It’s been the summer of his discontent for President Obama, at least in terms of how voters apparently see him.
Gallup reported this past week that Americans are more than twice as likely to say they “strongly disapprove” of President Barack Obama's job performance (39 percent) as they are to say they “strongly approve” (17 percent), and it’s been trending in that direction.
“The percentage of Americans who strongly disapprove of Obama has increased over time, while the percentage who strongly approve has dropped by almost half,” writes Gallup’s Justin McCarthy in an analysis of the polling organization’s latest findings. “In the first year of Obama's presidency, the percentages of Americans who had strong views about the job he was doing were essentially tied [32-30 percent with a slight edge to “approve”], but the strongly negative responses now significantly outweigh the strongly positive ones.”
When those who “moderately” approve or disapprove of the President’s job performance are added in, Obama still comes up short – 53 percent disapprove to 44 percent approve.
True, there’s a strong partisan element to this with Republicans more intense in their disapproval – 75 percent “strongly disapprove” of the way he’s handling his job as president.
But Democrats’ enthusiasm for Obama has waned considerably since that first honeymoon summer of 2009, with strong approval dropping from 65 percent back then to 38 percent today. Among independents, intensity of views has been more consistent over time, but it’s still not great news for Obama today: 54-39 percent disapprove/approve.
Looking at specific issues or presidential responsibilities – particularly at a time when dangerous situations around the world (Ukraine, Iraq/Syria) seem to be escalating – gives similar and perhaps more urgent results.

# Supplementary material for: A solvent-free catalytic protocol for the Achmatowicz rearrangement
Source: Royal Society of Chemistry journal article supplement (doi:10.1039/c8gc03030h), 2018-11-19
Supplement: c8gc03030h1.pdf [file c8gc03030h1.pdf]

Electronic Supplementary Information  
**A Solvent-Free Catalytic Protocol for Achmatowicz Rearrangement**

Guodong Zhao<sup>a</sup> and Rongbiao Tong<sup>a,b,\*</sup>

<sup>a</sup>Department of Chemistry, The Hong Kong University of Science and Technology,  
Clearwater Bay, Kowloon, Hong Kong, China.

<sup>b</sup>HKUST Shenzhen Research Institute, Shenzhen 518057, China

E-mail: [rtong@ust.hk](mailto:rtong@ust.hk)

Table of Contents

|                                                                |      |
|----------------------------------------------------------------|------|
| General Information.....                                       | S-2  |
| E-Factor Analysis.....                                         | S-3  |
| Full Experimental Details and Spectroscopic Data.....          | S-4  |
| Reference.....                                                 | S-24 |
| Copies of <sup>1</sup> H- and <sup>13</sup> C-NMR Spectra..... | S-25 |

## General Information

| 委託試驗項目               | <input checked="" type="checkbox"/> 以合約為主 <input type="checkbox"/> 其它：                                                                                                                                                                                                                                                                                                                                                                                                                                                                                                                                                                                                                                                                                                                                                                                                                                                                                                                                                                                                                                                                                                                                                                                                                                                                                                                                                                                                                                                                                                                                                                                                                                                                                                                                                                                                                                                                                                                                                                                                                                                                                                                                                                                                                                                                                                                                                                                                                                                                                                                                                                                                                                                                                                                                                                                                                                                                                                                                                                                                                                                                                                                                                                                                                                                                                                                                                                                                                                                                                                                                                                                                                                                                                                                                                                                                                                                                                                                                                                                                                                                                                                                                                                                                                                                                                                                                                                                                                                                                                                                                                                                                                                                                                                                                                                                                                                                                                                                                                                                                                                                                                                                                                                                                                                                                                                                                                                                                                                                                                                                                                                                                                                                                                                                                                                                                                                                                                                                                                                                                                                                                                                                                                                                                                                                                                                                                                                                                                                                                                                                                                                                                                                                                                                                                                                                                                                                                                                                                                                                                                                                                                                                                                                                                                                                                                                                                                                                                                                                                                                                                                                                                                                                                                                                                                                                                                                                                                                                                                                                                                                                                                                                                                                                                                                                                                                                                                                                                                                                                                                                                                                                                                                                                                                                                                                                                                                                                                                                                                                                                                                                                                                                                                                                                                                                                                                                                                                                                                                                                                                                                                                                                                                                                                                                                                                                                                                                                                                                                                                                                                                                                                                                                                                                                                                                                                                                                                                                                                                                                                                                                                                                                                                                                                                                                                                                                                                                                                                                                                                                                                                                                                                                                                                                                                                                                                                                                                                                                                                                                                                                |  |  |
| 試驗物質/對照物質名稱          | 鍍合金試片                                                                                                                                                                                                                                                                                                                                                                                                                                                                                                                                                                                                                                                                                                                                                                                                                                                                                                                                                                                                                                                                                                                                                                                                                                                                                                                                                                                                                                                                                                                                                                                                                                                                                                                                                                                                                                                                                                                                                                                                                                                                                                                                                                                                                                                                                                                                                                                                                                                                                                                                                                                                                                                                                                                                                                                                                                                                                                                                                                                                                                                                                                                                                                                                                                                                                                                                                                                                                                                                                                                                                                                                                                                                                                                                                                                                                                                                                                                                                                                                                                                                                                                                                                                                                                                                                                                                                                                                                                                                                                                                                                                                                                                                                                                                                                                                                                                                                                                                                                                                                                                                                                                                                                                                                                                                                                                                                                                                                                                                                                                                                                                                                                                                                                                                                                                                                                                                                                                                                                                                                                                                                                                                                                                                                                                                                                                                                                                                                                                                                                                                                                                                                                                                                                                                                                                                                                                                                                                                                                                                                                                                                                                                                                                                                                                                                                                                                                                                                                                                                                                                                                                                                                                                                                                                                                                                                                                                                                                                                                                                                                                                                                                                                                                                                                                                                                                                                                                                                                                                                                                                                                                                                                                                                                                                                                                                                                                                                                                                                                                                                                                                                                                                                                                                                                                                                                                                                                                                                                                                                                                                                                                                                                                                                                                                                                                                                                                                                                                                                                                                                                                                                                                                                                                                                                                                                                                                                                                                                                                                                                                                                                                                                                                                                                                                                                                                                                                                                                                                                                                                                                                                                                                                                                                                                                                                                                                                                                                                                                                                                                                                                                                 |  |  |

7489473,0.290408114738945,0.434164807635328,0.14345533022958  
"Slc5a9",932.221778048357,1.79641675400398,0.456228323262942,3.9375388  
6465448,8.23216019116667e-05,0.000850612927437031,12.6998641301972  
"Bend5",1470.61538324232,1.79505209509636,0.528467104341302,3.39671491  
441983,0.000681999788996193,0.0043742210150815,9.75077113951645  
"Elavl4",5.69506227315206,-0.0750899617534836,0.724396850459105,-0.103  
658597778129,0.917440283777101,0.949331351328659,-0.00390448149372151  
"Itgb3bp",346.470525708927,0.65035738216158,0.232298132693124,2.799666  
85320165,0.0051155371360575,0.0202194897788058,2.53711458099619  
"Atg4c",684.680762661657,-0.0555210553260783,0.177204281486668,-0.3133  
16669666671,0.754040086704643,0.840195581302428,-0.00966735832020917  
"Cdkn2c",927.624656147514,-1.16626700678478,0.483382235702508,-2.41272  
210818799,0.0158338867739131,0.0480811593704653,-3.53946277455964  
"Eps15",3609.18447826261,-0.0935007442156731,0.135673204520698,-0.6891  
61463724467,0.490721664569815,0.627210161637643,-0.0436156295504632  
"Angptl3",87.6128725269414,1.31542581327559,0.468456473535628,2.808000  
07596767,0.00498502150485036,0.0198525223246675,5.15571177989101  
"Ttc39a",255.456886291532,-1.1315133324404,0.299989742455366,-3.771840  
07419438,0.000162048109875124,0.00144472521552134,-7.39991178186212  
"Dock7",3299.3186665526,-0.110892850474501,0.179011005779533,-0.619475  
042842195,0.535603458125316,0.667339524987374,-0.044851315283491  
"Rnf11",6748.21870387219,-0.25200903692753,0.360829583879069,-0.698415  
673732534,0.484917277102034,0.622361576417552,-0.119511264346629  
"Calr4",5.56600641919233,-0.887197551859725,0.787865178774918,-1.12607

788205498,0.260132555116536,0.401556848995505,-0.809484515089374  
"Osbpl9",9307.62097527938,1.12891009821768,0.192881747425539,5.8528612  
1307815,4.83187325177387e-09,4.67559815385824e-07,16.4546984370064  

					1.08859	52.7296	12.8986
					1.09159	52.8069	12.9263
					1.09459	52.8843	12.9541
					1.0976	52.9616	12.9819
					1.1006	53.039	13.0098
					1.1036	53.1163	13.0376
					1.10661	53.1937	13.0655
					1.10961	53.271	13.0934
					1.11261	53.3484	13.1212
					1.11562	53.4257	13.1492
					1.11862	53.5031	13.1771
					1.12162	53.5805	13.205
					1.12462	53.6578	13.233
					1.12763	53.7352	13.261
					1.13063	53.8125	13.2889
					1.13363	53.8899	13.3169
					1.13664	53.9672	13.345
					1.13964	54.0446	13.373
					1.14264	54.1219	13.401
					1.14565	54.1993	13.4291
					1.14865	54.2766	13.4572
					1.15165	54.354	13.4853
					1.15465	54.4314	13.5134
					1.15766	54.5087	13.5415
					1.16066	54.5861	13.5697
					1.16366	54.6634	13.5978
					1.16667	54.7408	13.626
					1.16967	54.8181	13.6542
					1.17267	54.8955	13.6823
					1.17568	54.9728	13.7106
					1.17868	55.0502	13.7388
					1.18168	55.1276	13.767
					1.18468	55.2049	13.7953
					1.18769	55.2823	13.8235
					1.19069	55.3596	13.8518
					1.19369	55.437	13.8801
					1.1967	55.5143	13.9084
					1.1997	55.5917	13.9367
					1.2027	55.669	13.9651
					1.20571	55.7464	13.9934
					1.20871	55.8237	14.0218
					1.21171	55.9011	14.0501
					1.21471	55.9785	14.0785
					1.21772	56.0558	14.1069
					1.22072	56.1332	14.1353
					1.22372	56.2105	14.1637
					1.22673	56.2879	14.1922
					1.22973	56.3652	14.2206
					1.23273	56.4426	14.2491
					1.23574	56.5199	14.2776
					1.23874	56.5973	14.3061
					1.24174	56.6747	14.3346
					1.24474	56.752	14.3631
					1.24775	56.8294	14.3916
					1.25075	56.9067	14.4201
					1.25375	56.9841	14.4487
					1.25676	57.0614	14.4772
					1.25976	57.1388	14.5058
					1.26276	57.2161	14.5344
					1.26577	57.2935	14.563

“Obama’s approach to foreign policy continues to be viewed as not tough enough,” the Pew Research Center reported this past week. “Fifty-four percent say Obama is not tough enough in his approach on foreign policy and national security issues, while 36 percent say his approach is about right and just 3 percent say he is too tough.”
Obama did himself no favors the other day when he remarked to reporters that “we don’t have a strategy yet” for confronting the Islamic State extremist group in Iraq and Syria.
“While the White House went into damage-control mode, emphasizing that it was a reference to the lack of decisions about increasing military action in Iraq and/or Syria and not a lack of a broader strategy there, the damage was already done,” writes Aaron Blake in the Washington Post’s political blog “The Fix.”
“As with all gaffes, the worst ones are the ones that confirm people's preexisting suspicions or fit into an easy narrative,” Blake writes. “That's why ‘47 percent’ stung Mitt Romney so much, and it's why ‘don't have a strategy’ hurts Obama today.
It certainly gave a major opening for Republicans like Sens. John McCain and Lindsey Graham, two of the Senate’s most prominent hawks.
Confronting the Islamic State extremist group in Iraq and Syria, McCain and Graham wrote in The New York Times the other day, “requires a comprehensive strategy, presidential leadership and a far greater sense of urgency.”
But some prominent Democrats also are urging Obama to be more vigorous in dealing with the Islamic State.
Speaking on NBC’s “Meet the Press” Sunday, Sen. Dianne Feinstein, (D) of California, who chairs the Senate Intelligence Committee, said, “I’ve learned one thing about this president, and that is he’s very cautious. Maybe, in this instance, too cautious.”
In their New York Times op-ed column, McCain and Graham acknowledged that Americans are “war-weary” after 10-plus years in Iraq and Afghanistan.”
Recent polls confirm this. Pew found last month that most Americans – 55-39 percent – don’t think the United States has a responsibility to “do something about the violence in Iraq.”
No doubt that’s a key reason why Obama is being cautious and deliberate in confronting the Islamic State.